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Downsizing Tips from an Elder Care Coordinator

Downsizing tips from an Elder Care Coordinator

For many people, the estate planning process raises questions about their possessions, and those discussions often start people thinking about downsizing to a smaller home. If you’re interested in this process, how should you go about it? We posed this question to Debra King, one of the elder care coordinators at Takacs McGinnis Elder Care Law. Debra has helped hundreds of clients and their family caregivers navigate the downsizing process.

Get Clear about Your Preferences

Debra says that the first step is to give thought to what you want to happen to your things. “Think through while you still can,” she said. “What can stay? What can go? Who should get what? When you’re clear about what you have and what it means to you, everything is easier.”

Be Realistic

According to Debra, many older adults don’t fully appreciate just how many possessions they have. “When you have a huge house that you’ve lived in for decades, you’ve inevitably accumulated a lot of stuff,” she said. “If you’re planning to move to a smaller home, you won’t be able to take everything. Many people are surprised by the reality that they need to get rid of so much.”

Document Your Wishes

If you want certain people to inherit specific items when you’re gone, documenting your wishes is vital. “When the attorneys at the firm are helping clients with their estate plans, or when someone prepares a Will, we always advise them to create a written memorandum that spells out who gets what,” Debra said. “That memorandum then becomes a part of the person’s Will.”

Talk to Your Family about Your Downsizing Plans

This important step is often overlooked. Many people resist talking about anything related to death or incapacity and, as a result, many older adults never tell their families about their preferences for their personal property. “Assuming your kids are going to do the right thing isn’t good enough,” advised Debra. “You have to help them understand what can go and what can stay, and it’s best if you do that when you’re still healthy.”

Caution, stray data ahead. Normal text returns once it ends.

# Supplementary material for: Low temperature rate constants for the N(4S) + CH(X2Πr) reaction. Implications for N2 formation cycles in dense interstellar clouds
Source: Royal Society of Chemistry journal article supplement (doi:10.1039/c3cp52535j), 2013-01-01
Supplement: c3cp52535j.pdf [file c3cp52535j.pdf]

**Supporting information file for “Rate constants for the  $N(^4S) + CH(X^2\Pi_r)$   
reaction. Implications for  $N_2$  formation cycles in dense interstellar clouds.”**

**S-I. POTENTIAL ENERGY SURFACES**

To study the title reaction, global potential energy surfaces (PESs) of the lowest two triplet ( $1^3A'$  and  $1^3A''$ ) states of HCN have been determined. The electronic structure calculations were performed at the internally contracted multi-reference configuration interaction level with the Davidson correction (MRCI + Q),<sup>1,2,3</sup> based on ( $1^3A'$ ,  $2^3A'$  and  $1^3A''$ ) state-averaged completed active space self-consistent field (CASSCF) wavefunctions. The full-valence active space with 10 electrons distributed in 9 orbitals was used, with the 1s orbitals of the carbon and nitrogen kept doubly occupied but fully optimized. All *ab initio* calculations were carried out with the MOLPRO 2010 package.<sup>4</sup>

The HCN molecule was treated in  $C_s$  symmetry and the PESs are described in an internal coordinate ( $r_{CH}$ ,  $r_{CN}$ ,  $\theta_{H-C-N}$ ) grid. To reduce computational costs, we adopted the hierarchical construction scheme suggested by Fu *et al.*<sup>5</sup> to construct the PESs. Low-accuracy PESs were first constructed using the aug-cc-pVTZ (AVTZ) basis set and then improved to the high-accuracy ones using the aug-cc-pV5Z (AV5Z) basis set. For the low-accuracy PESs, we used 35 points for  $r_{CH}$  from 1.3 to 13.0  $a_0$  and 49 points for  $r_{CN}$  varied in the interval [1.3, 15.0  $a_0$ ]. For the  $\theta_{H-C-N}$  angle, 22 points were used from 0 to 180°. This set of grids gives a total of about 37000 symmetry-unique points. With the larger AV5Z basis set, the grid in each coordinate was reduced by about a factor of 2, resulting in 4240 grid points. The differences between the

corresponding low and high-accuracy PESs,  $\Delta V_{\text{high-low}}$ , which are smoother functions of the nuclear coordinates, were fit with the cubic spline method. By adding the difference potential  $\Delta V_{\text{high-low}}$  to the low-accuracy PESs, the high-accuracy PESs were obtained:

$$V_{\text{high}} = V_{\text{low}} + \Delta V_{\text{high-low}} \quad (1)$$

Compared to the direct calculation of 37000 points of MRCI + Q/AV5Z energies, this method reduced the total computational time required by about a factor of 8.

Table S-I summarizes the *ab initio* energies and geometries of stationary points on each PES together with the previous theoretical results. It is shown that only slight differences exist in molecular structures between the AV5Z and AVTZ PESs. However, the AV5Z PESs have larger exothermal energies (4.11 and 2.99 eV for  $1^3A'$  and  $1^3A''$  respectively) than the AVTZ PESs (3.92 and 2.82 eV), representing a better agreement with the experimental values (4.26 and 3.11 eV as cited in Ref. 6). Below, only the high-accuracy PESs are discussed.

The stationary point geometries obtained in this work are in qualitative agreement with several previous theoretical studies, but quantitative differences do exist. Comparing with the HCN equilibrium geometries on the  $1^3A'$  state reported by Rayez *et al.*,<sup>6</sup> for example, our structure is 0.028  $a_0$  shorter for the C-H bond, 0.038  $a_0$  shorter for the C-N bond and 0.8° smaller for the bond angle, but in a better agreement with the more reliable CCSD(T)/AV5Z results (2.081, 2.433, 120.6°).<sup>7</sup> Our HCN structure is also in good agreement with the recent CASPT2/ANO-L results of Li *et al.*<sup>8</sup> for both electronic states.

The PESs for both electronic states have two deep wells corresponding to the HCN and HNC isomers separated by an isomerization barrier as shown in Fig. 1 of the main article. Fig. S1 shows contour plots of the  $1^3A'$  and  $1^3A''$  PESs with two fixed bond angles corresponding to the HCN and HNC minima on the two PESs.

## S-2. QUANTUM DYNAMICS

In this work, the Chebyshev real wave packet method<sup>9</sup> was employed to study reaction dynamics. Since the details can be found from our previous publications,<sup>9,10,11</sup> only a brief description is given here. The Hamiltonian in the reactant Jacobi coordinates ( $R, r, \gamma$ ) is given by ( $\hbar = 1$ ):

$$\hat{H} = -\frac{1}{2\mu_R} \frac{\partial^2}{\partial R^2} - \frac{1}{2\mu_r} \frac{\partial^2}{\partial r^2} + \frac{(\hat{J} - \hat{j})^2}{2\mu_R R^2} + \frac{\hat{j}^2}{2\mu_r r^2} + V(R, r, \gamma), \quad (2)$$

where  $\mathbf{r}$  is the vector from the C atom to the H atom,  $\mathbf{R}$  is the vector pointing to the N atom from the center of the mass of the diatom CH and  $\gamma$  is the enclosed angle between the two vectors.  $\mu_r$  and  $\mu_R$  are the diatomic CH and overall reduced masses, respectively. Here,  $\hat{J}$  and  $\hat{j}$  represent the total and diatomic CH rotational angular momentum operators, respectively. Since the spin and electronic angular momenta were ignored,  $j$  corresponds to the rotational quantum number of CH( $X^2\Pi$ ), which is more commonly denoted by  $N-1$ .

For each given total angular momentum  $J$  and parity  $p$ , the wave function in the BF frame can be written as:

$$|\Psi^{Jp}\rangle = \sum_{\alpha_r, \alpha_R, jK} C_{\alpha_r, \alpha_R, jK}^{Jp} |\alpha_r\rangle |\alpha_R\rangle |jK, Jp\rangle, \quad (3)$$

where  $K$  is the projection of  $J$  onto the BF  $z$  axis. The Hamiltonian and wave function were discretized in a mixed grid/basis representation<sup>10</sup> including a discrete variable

Start Gifting

Many seniors are collectors, and these collections can pose a challenge during the downsizing process. Gifting those items to family members is one option. “My grandmother had hundreds of beautiful China cups and saucers,” Debra said. “One year for Christmas, every daughter, granddaughter, and great-granddaughter got a cup and saucer from grandma. She was able to downsize her collection, and all the ladies in the family got a lovely heirloom.”

Prepare for Stress

Debra admits that downsizing can be a stressful process. “Making decisions about which cherished possessions stay and which ones go can be difficult,” she said. “If you want to gift an items to someone and they turn down your offer, that rejection can cause difficult feelings. Finding the right place for those special heirlooms can cause emotions that people aren't prepared for.”

Look for Collectors

If you have specialty items that family members don’t want, consider finding like-minded people who might be interested in buying or taking these items. “For example, in Nashville, we have many people who collect studio equipment, guitars, musical instruments, sheet music, albums, and cassettes,” Debra explained. “These people are often willing to buy or take items.” Debra admits that it can take time to find these collectors, so it’s important to start the process early.

Arrange for Help

If you’re willing to spend some money, working with professionals who specialize in assisting older adults with the downsizing process can make everything easier. These people help seniors declutter, organize, value, and determine where each item will end up. “Working with a professional increases the odds that the job will get done with minimum drama,” Debra said. “This can give you the peace of mind that comes from knowing that your family won’t be burdened with this task after you’re gone.”



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